Its happy day;
Now that time
Has flown away.
Is the love of money the root of all evil? OK, so Jesus may have played down bigotry and megalomania when he said that, but overall his observation holds true 2,000 years later.
Labor relations are a contemporary battleground for greed. Man’s inhumanity takes many forms. But we all have to work, and that means interactions between owners and toilers generate a lot of conflict.
Happily, a few nations have acted to help workers get a fair shake. Western Europe, shaken today by waves of economic turmoil, got the hang of it a century or so ago. The United States jumped on the worker bandwagon after the Great Depression. Our very successful experiment with employee rights, which have been gradually dismantled for years, ushered in the heyday of the American middle class.
Communism promised millions some hope for a fair shake, but it relied too heavily on repression meted out in the name of the people. Japan later picked up the concept of worker equity, followed by Taiwan and South Korea.
Today, Brazil, Argentina, and other Latin American nations are reshaping their economic systems to be more labor-friendly.
Most U.S. leaders don’t worry about worker rights anymore. They believe that government has no business in business. We’re gradually privatizing whatever public services we can. Across the nation, public schools and prisons are increasingly run by private companies.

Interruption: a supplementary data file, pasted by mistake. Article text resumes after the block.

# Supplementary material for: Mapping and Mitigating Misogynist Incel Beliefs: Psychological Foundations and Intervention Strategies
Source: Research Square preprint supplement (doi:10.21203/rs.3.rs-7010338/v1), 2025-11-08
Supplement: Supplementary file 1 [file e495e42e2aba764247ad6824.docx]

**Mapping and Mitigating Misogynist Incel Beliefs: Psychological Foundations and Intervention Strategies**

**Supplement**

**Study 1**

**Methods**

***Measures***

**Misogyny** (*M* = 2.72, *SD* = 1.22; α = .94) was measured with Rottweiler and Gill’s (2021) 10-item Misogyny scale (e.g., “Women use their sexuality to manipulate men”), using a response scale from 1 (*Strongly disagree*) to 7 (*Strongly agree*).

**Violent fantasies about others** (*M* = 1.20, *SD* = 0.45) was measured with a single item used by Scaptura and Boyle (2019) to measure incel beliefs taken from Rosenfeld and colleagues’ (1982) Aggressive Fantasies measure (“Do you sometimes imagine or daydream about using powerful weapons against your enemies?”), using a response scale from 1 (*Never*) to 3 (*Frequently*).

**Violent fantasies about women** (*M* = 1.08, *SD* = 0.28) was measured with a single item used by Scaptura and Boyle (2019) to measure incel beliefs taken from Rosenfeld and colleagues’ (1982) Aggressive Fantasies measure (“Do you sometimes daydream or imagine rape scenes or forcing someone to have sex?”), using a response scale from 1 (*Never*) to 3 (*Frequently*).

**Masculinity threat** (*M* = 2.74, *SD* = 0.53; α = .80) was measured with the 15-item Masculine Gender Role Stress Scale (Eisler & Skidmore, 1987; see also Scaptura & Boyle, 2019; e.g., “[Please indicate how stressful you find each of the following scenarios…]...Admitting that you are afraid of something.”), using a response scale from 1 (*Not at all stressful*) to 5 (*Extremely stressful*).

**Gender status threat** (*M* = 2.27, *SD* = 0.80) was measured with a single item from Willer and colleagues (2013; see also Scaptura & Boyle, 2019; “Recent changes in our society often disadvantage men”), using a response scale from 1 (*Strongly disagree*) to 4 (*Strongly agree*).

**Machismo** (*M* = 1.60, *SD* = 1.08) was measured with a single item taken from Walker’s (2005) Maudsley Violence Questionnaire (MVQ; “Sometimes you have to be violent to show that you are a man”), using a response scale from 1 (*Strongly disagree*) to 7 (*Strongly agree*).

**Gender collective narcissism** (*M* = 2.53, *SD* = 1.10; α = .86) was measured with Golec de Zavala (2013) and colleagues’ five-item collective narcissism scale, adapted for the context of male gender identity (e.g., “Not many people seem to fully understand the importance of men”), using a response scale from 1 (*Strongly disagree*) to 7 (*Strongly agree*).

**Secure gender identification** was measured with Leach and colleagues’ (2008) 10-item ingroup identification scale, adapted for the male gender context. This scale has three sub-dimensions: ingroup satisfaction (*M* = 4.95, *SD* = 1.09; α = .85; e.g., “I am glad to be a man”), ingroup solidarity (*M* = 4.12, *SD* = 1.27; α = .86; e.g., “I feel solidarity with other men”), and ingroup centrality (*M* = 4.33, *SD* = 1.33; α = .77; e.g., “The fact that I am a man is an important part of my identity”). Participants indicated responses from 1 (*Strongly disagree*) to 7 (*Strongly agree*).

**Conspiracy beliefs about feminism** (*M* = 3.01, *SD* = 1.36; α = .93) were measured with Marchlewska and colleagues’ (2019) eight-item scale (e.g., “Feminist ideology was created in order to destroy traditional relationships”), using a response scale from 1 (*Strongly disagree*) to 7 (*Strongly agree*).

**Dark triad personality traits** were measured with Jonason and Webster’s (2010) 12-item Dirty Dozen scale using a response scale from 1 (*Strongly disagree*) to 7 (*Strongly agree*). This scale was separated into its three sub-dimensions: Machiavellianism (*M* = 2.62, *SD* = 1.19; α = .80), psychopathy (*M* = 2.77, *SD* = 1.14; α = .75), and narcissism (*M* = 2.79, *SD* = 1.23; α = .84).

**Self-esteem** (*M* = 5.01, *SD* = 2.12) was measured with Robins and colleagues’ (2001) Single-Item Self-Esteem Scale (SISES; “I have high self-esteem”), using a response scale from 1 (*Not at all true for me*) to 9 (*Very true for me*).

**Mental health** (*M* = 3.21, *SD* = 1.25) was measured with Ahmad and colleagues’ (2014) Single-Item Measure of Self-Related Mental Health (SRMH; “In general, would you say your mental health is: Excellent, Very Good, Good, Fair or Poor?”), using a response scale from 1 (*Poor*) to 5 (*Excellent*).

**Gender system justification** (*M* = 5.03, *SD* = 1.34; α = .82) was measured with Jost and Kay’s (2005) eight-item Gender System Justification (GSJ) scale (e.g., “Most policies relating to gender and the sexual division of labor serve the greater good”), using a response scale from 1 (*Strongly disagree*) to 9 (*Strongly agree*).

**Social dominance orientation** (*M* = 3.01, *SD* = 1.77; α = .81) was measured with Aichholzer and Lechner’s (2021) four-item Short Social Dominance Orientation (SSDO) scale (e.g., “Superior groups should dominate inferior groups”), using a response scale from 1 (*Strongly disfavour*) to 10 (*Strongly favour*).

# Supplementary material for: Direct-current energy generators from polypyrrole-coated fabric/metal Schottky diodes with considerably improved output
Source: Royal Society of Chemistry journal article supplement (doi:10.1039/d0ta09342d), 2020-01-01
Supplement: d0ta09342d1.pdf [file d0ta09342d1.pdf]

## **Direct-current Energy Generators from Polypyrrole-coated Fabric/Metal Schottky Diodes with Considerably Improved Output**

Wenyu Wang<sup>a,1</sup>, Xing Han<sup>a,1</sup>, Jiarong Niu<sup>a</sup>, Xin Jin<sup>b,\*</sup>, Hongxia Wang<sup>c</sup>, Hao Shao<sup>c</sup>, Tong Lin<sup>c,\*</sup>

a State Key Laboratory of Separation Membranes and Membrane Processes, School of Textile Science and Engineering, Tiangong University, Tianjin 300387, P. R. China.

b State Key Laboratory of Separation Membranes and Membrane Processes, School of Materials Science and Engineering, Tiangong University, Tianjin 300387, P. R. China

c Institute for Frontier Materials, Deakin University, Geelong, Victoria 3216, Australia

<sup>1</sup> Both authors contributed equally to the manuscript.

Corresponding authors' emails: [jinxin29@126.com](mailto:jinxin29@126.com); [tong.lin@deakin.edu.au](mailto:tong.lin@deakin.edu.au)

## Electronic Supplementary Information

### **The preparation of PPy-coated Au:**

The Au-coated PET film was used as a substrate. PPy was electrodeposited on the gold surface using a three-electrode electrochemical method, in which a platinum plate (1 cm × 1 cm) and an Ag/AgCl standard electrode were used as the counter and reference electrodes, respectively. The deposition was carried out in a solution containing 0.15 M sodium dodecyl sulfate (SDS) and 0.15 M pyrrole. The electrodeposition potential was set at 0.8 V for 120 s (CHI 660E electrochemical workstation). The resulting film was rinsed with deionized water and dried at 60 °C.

And mercenaries and other “military contractors” have replaced hundreds of thousands of U.S. troops in our endless wars.
This privatization push is a key part of the trend toward exporting jobs and attracting immigrant workers who will accept conditions that most Americans thought they had long ago transcended. It’s called “the race to the bottom.”
Under our cherished old system, championed by President Franklin D. Roosevelt, the government set standards that all employers had to obey. Minimum wages, safety conditions, child labor laws, limits on the length of a permissible workday, and the freedom to form unions and collectively bargain — all these rights were supposed to be protected by law.
This system once worked commendably. By the 1960s, the American middle class was the envy of the world. No more. After big employers transferred millions of industrial and service jobs overseas, and technological advances rendered millions more jobs obsolete, we’ve got a surplus of workers. Wages have plummeted to the point that many autoworkers aren’t middle-class anymore. Unions are a vanishing breed, especially in the private sector.
Nothing much has changed, of course, for agricultural workers. They’ve long enjoyed virtually no protections at all, lest they drive up the price of food. The same goes for domestic workers, like caretakers and housekeepers, whose exploitation is a growing problem as our population ages and more mothers work outside the home.
As much as I’d like to point to some silver lining to relieve all this despair, I’m just not seeing any faint glow on the horizon. If anything, things look worse now that the Supreme Court’s Citizens United ruling has stripped many previous limits on the torrent of corporate cash that can flood political campaigns. As a result, very wealthy companies and individuals are positioned to tighten their control over Congress, as well as state and federal governments.
What would Jesus say?